I lived in Kentucky for a couple years. I am, in fact, a member of the Kentucky Bar Association. I have family there. One might say our family's ancestral lands include a broad swath of Eastern Kentucky, since our long grand grand sire, John Beckley, a friend of Thomas Jefferson, held land patents for large tracts in what would become the Commonwealth.

As a public service, I am providing the following translation of Rand's observations, so that you can understand what Rand actually said:
Ted Cruz has exposed Mitch McConnell as a liar, and several of his republican colleagues as political eunuchs who talk an interesting game but consistently walk down Capitol Hill with their balls in a jar answering the taunts and jeers of BarryO the Boyking with servile kowtows. A man who does such things makes the public wonder why the eunuchs willingly allowed their own castration.
In turn, that makes the decision to be a ball less, unmanly, vigor-free, political courtesan one that even the eunuchs question within themselves. Such questioning makes their own hearts and minds burn with shame. Of course they hate Cruz. Of course they will refuse to work with him. His manly firmness in the fight, his willingness to stand on principal, these things expose them as what they are: neither man, nor woman, neither clever nor skilled.
Later this month, for the first time since the Last Emperor of China discharged the imperial eunuchs, the United States will witness a courtesan eunuch leaving Capitol Hill, when John Boehner makes good on his hissy fit and departs the Speaker's Chair in the House. Rumors already are running rampant that the skulduggery among Republican courtesan eunuchs is not yet complete: it appears that party leadership is also urging Mitch McConnell to grab his bao and go.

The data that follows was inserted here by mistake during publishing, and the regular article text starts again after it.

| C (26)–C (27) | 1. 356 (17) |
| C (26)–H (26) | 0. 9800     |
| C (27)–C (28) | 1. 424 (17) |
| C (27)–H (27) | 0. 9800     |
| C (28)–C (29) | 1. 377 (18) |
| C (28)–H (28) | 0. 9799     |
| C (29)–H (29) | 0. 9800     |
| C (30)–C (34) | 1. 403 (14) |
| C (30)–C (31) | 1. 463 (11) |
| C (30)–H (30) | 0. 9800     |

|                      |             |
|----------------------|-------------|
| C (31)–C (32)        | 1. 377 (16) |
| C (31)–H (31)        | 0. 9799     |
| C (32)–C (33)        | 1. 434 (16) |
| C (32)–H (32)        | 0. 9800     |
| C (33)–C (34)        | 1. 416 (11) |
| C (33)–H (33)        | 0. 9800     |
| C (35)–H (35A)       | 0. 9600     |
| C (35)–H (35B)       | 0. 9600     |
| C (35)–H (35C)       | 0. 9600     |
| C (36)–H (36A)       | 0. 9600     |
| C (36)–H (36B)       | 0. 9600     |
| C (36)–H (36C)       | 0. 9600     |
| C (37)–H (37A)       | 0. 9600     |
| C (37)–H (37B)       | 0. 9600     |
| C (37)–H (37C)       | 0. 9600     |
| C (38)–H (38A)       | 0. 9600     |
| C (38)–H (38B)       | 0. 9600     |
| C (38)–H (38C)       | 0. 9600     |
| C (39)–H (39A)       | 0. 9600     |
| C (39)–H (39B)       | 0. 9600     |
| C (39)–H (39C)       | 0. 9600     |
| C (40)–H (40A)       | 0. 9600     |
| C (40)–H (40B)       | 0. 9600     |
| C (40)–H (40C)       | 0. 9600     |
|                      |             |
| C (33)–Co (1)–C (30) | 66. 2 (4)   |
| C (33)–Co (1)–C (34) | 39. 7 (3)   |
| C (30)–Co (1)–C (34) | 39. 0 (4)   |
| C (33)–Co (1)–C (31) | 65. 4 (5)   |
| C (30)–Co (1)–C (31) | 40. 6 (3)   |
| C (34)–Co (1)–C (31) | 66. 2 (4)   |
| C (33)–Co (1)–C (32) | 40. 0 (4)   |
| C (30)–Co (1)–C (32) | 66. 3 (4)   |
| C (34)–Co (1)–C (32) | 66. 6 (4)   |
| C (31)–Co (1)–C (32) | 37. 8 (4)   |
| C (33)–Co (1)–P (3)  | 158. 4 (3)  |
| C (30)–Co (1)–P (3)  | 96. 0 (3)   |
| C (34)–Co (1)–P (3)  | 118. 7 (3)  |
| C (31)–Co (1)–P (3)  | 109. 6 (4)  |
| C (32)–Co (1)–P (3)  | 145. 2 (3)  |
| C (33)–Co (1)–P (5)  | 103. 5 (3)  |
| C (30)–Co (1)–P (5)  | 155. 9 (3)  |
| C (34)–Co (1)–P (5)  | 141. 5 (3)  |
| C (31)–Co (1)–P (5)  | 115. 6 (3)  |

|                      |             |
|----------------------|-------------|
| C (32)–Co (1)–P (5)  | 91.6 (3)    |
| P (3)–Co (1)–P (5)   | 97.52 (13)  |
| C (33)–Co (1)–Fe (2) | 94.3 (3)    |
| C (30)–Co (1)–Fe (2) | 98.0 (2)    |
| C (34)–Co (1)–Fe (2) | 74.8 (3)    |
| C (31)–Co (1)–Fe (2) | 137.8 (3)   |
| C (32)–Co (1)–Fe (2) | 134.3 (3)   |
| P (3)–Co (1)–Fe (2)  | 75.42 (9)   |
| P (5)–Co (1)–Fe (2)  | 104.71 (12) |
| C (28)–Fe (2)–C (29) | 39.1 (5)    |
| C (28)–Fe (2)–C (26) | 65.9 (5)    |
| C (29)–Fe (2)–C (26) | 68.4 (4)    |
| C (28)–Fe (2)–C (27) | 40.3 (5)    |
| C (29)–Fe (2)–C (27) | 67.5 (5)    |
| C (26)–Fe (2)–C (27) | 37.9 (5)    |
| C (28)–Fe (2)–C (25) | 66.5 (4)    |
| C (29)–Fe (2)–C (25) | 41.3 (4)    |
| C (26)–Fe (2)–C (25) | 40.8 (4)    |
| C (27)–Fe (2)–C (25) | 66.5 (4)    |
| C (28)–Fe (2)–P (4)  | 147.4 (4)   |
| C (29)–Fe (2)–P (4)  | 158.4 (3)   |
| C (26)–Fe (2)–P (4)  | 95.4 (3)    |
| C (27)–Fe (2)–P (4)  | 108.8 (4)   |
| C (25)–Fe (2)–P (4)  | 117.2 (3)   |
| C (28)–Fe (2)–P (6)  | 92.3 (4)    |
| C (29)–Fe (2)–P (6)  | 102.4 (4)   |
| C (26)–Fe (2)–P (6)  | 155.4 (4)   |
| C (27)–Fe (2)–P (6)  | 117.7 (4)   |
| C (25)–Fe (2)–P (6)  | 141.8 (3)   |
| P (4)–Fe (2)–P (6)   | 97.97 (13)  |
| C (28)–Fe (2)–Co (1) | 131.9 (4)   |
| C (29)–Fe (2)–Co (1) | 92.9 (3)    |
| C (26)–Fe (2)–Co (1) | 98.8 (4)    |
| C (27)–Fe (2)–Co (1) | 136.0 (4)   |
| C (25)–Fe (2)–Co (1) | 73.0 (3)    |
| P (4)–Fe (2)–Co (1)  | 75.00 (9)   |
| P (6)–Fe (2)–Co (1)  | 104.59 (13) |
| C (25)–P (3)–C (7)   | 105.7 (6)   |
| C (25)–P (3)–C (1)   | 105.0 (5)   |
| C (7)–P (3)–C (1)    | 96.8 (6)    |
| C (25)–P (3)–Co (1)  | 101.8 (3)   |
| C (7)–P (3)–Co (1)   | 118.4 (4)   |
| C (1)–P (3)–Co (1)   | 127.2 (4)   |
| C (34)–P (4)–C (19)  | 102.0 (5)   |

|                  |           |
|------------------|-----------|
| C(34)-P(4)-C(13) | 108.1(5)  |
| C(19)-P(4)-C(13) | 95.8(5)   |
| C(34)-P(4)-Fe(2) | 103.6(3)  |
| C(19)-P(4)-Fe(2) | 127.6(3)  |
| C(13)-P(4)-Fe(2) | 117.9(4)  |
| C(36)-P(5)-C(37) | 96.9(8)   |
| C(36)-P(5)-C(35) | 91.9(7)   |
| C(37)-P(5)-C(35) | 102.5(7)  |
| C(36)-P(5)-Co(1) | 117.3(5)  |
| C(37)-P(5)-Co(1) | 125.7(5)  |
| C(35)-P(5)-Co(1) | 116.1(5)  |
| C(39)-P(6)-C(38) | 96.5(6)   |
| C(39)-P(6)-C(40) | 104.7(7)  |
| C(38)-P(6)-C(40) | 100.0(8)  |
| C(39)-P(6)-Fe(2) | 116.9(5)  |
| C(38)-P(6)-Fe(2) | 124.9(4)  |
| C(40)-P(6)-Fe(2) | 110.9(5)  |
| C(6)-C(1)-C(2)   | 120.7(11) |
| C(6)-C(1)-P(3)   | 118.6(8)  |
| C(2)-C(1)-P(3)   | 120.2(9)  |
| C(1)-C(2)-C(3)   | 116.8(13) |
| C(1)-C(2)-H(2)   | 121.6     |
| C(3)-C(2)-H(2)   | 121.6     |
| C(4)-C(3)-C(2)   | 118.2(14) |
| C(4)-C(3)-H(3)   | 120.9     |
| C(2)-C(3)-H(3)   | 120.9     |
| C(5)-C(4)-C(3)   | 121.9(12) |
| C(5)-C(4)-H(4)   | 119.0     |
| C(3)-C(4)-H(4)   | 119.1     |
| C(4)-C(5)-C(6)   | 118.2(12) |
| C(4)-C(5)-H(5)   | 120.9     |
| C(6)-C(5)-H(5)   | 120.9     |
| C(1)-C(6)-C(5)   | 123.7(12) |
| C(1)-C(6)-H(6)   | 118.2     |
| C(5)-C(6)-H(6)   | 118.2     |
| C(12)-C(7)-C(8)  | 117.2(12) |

Monday, September 28, 2015

Court Rejects Once-a-Month Bill of Rights

Eric Segall has an article on the Daily Beast that seems to suggest that, given the chance, the Supreme Court would reverse a decision out of the US Court of Appeals in Washington. The DC Circuit, in a split 2-1 vote, struck down DC's “one gun a month registration rule.” Limiting gun registration to one a month effectively limits additions to an individual's gun safe to one a month, because such guns have to be registered.